Another American carbon pricing plan has died.
The Transportation and Climate Initiative – a cap-and-trade program for automobiles in three northeastern states and the District of Columbia – was abandoned last week after Connecticut Governor Ned Lamont (D) and Massachusetts Governor Charlie Baker (R ) pulled the plug on the program.
The announcement marks the latest setback to carbon pricing plans in the United States, and questions how policymakers in the Northeast plan to tackle emissions from transport, by far the largest source of greenhouse gas emissions in the region.
“It wasn’t my favorite idea because I didn’t like making Massachusetts decisions as hostages to other states,” said Senator Michael Barrett, a Democrat and leading climate hawk from Massachusetts on Beacon Hill. “My worst fears have come true. It was effectively canceled by the governors of other states. “
The plan had been in trouble for months. A dozen states and DC spent years drawing up the plan, but only Connecticut, Massachusetts, Rhode Island, and DC signed when it was unveiled late last year. Lamont in particular faced challenges in gaining support for the idea in Connecticut.
“Look, I didn’t hold out when gasoline prices were at an all-time low,” Lamont told reporters in Connecticut. “I think the legislature is pretty clear: it’ll be a tough nut to crack when gas prices are this high, so no.”
Baker was the program’s loudest champion, but a governor’s spokesman said it made little sense for Massachusetts to proceed with so little regional support.
“The Baker Polito Administration has always maintained that the Commonwealth would only move forward with TCI if multiple states commit, and since this does not exist, the Traffic Climate Initiative is no longer the best solution to the Commonwealth’s transport and environmental needs.” Terry MacCormack, the governor’s press secretary said in a statement.
The TCI collapse comes amid a dramatic change in carbon pricing policy. Many conservatives have long rejected the idea, arguing that carbon pricing will increase energy costs. But support for CO2 pricing is also falling among the climate hawks. In Washington State, two voting initiatives on CO2 pricing have failed in recent years. And this year, CO2 pricing did not gain any serious momentum in the congress negotiations on a massive climate law.
TCI was modeled on one of the only existing carbon pricing plans in the country, the Regional Greenhouse Gas Initiative, a cap-and-trade program for power plants. Proponents said it would cut perspiration emissions by a quarter while raising more than $ 3 billion to invest in clean transportation (Climate wire, December 22nd, 2020). However, critics concerned about costs and environmental justice met with skepticism; They expressed concern that doing so would do little to reduce pollution in colored communities.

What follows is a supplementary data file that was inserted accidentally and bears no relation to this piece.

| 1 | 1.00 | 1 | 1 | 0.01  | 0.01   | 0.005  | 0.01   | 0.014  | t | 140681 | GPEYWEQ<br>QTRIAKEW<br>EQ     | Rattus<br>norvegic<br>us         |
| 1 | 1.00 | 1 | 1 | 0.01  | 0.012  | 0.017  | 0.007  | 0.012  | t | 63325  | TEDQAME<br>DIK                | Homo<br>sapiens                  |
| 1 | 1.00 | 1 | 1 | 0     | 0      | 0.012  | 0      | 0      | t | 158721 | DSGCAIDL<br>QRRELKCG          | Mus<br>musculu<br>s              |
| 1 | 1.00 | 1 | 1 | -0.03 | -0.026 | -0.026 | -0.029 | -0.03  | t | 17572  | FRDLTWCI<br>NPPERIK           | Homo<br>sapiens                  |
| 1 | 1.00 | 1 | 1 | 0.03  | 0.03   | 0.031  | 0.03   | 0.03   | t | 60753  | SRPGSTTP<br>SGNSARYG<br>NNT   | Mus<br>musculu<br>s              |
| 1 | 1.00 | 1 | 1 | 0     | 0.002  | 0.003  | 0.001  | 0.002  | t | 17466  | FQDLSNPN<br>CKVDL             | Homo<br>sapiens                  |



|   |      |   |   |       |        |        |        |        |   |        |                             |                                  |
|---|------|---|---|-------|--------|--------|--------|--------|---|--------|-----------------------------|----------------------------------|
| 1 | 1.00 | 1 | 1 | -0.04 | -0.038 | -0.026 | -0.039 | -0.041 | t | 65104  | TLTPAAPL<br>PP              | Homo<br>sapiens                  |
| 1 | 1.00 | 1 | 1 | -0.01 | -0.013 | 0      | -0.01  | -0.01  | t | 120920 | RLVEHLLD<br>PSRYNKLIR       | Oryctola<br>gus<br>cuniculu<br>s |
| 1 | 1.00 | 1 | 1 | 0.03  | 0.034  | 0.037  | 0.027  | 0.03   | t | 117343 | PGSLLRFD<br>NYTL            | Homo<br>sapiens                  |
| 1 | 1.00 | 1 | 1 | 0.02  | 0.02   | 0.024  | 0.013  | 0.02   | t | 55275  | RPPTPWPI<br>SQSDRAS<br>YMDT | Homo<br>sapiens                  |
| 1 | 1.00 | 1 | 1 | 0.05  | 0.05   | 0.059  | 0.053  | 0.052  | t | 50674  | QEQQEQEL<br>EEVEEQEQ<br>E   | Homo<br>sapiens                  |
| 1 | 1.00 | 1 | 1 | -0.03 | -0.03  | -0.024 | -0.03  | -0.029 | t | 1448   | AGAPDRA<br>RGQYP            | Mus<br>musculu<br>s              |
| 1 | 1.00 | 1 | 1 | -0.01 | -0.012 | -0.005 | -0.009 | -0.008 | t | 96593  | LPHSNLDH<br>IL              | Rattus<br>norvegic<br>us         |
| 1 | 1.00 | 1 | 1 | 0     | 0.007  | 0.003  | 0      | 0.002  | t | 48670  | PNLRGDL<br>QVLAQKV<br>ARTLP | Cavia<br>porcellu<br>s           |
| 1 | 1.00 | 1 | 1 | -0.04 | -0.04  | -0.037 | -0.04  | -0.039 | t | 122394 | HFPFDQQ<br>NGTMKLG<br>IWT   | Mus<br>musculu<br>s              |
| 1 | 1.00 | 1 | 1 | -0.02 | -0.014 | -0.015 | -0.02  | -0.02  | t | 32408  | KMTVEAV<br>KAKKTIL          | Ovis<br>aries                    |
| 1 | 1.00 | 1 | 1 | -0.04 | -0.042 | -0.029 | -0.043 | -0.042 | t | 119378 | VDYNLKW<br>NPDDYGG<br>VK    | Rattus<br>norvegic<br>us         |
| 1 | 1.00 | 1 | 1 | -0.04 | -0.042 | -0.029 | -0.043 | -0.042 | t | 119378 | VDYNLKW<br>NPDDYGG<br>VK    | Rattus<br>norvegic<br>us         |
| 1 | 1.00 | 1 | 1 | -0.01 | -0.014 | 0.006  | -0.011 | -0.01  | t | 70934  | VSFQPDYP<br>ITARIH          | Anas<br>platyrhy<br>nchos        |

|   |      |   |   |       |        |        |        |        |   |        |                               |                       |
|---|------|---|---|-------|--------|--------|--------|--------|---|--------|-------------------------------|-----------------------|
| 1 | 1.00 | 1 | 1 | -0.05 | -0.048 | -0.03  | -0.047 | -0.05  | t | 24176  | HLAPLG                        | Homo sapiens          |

Its failure raises big questions about how the northeastern states plan to tackle tailpipe emissions. In Massachusetts, traffic is responsible for 42 percent of greenhouse gas emissions, outperforming emissions from buildings (27 percent) and electricity (19 percent).
Connecticut’s traffic emissions are more than double the next largest sources – buildings and electricity – combined.
Alli Gold Roberts, director of state policies at Ceres, said selling lawmakers through a complicated regulatory program at a time when states are waiting for a massive inflow of federal dollars has proven a deadly combination for TCI.
Massachusetts officials expect the state to receive approximately $ 10 billion from the bipartisan infrastructure package, and federal clean transportation funding will give a big boost to state efforts to combat tailpipe emissions, Gold Roberts said.
Nevertheless, she found that the federal government’s funds come without an express promise of emission reductions.
“I think they need to get creative to confidently set specific destinations for transportation,” said Gold Roberts. “You have to find out other tools in the toolbox. The urgency of the moment demands that they proceed in a different way. “
Barrett and Senator Marc Pacheco, another leading Massachusetts climate hawk, said it was time for the Commonwealth to consider joining California’s economy-wide cap-and-trade program. A Massachusetts climate law passed earlier this year requires the state to cut its greenhouse gas emissions in half by 2030 and put in place an emissions reduction plan for the next three years by June.
Massachusetts wouldn’t be the only state considering joining California. Washington State passed law earlier this year paving the way for Quebec to join the Golden State’s program (Climate wire, April 27th).
“It’s a huge market in the west,” said Pacheco. “There is potential to continue this carbon market.”
Reprinted from E&E News with permission from POLITICO, LLC. Copyright 2021. E&E News provides important news for energy and environmental professionals.